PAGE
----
A few weeks ago, I found one of these bad boys lying on a table marked “free.” Compulsive hoarder that I am, I picked it up and immediately thought of what awesomeness I could convert it to. I settled on controlling an RC-car with it because I had a car handy, and I thought it would be cool to take this approach to driving it. Originally, I was controlling the whole thing with an Arduino, but it turned out to be kind of a waste of a 50-dollar microcontroller, and I didn’t want to have Arduino stuck in this project forever. So I got to work on doing everything with hard logic. First, I unplugged and removed the board from the steering wheel base to simplify everything before I even got started. Ignore the wires sticking out of it.
Next, I got to work on the board. I had discovered, back when I was controlling it with an Arduino, that in order to activate each function (Forward, Back, Left, Right,) I had to ground one side of each button-pad. Comparators seemed like the best way to do this, so I decided to use a couple of 358 opamps as comparators to take inputs from the pedals and such and compare them to a set voltage, and flip to negative if the pedals were pushed down or the wheel was turned a certain way. Here’s a schematic of the circuit I built: Sorry if it’s confusing. I’m kind of new to this.After a few hours of soldering and such, I had this:
I used potentiometers to create reference voltages for the steering wheel. This way, when supply voltage changes, it doesn’t throw everything off. This is also pretty handy because I can change how sensitive the steering wheel is in about 14 seconds flat.
So, after all was said and done, I had a pretty sweet setup! Here’s a picture of the whole thing, all done: And, as an added bonus, here’s my cat enjoying a glass of wine.
Recently, I was pondering the mysteries of life, and I realized how convenient it would be for travels and such, if I had an enclosed, portable breadboard! It would be great to have something small and close-able to take on travels and such, and I figured it might be a fun project too! I decided that it needed to have some kind of power source, and bonus points would be given for adjustability (Adjustableness.)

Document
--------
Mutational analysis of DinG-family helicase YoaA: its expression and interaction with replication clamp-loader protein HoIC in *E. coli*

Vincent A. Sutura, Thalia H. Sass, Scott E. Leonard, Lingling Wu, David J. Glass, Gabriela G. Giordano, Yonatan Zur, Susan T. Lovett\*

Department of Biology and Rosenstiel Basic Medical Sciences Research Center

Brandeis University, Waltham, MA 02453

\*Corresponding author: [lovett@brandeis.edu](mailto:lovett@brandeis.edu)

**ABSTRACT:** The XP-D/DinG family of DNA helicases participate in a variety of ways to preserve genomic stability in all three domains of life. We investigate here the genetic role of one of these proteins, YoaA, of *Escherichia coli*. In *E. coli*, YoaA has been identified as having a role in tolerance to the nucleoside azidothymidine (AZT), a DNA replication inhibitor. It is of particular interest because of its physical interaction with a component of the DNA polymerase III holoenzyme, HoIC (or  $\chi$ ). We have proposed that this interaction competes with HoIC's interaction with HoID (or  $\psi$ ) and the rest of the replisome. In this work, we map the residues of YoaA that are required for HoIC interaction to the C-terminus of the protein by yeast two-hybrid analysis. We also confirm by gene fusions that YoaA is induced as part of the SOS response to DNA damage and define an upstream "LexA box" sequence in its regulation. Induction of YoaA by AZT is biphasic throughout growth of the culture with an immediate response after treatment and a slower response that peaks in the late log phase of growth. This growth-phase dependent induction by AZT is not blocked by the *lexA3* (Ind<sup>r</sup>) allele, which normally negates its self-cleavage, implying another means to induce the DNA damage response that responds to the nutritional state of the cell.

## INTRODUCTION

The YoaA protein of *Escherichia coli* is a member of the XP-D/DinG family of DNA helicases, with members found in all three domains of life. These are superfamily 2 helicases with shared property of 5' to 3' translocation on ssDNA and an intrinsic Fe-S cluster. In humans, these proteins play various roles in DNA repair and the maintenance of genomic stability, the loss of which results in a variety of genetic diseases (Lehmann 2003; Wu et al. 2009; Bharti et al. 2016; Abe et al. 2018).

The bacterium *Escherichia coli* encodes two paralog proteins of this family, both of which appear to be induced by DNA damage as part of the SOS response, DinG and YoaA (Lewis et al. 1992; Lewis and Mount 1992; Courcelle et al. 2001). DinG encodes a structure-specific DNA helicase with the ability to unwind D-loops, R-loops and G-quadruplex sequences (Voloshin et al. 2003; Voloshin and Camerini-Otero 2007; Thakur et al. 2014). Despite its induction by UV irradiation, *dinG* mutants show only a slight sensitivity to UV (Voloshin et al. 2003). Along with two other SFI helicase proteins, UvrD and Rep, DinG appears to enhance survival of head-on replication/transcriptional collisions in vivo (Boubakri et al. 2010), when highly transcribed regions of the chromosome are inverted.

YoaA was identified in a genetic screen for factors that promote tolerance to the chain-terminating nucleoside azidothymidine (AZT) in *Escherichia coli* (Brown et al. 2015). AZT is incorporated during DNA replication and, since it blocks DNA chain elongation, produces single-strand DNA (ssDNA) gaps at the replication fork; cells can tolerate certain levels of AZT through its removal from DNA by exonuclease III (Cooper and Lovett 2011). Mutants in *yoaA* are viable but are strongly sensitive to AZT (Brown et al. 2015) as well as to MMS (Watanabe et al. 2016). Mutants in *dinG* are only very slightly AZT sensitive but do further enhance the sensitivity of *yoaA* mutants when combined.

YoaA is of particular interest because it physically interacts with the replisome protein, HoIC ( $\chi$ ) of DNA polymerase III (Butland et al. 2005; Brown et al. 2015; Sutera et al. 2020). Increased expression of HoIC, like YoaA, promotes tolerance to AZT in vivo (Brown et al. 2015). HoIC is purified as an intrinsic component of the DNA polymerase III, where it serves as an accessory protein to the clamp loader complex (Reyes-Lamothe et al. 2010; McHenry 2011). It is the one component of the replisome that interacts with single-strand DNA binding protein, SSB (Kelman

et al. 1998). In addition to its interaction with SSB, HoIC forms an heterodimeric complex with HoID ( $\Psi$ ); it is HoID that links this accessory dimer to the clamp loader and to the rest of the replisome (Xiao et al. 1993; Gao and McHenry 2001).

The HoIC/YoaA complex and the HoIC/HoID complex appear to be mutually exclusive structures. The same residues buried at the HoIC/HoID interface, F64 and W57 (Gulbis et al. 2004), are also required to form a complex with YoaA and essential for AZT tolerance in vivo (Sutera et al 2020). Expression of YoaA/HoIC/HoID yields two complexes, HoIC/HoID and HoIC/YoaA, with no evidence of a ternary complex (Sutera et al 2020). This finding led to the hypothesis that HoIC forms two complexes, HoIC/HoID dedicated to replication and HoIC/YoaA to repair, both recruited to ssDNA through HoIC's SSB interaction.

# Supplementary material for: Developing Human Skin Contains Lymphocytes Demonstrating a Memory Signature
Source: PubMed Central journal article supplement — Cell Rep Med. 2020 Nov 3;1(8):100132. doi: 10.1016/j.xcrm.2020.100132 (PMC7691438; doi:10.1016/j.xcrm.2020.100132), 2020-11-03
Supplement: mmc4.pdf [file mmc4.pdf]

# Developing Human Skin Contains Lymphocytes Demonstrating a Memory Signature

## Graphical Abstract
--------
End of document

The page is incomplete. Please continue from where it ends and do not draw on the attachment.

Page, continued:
A few weeks ago, my dad brought home a portable, old parallel debugging box from work, and, since I didn’t think I would be debugging any parallel ports any time soon I decided that it would be an awesome enclosure to use for this project. So I got to work!
Here’s the box before I got to the fun stuff.
The first step would be to gut the box out and make room for the new stuff. I saved all of the internals just in case I needed it (Coughcough hoarding,) Then I hot-glued a mini breadboard into it. Here’s what it looked like:
Next, A circuit had to be created, and diagrammed for easy creation. After looking through my supplies, I found a pretty sick rotary selector switch and some voltage regulators, and inspiration followed. Here’s the diagram:
And now the fun part! I grabbed the parts needed and got a-soldering. It didn’t take me very long, since everything is pretty simple and straightforward. Here’s the finished product, all glued and soldered:
So there you have it! A portable, adjustable-powered breadboard.There isn’t anything in one side, so I can store jumper wires and stuff there when I need to. Hope you enjoyed it!
Whatever. Moving on. I made this site for a couple of reasons. Firstly, I needed a place to publish and document my projects and stuff. Secondly, someday, I might actually start making cool things. If that ever happens, I have a place for people to go and say, “Wow. This kid is awesome. I want to be like him!”
Also, I’m a pretty freaking awesome person and you might want to come take notes. Just a suggestion.
Ok, I think that’s it! Feel free to email me at : nfarrington1 <at> gmail <dot> com with any suggestions or whatever.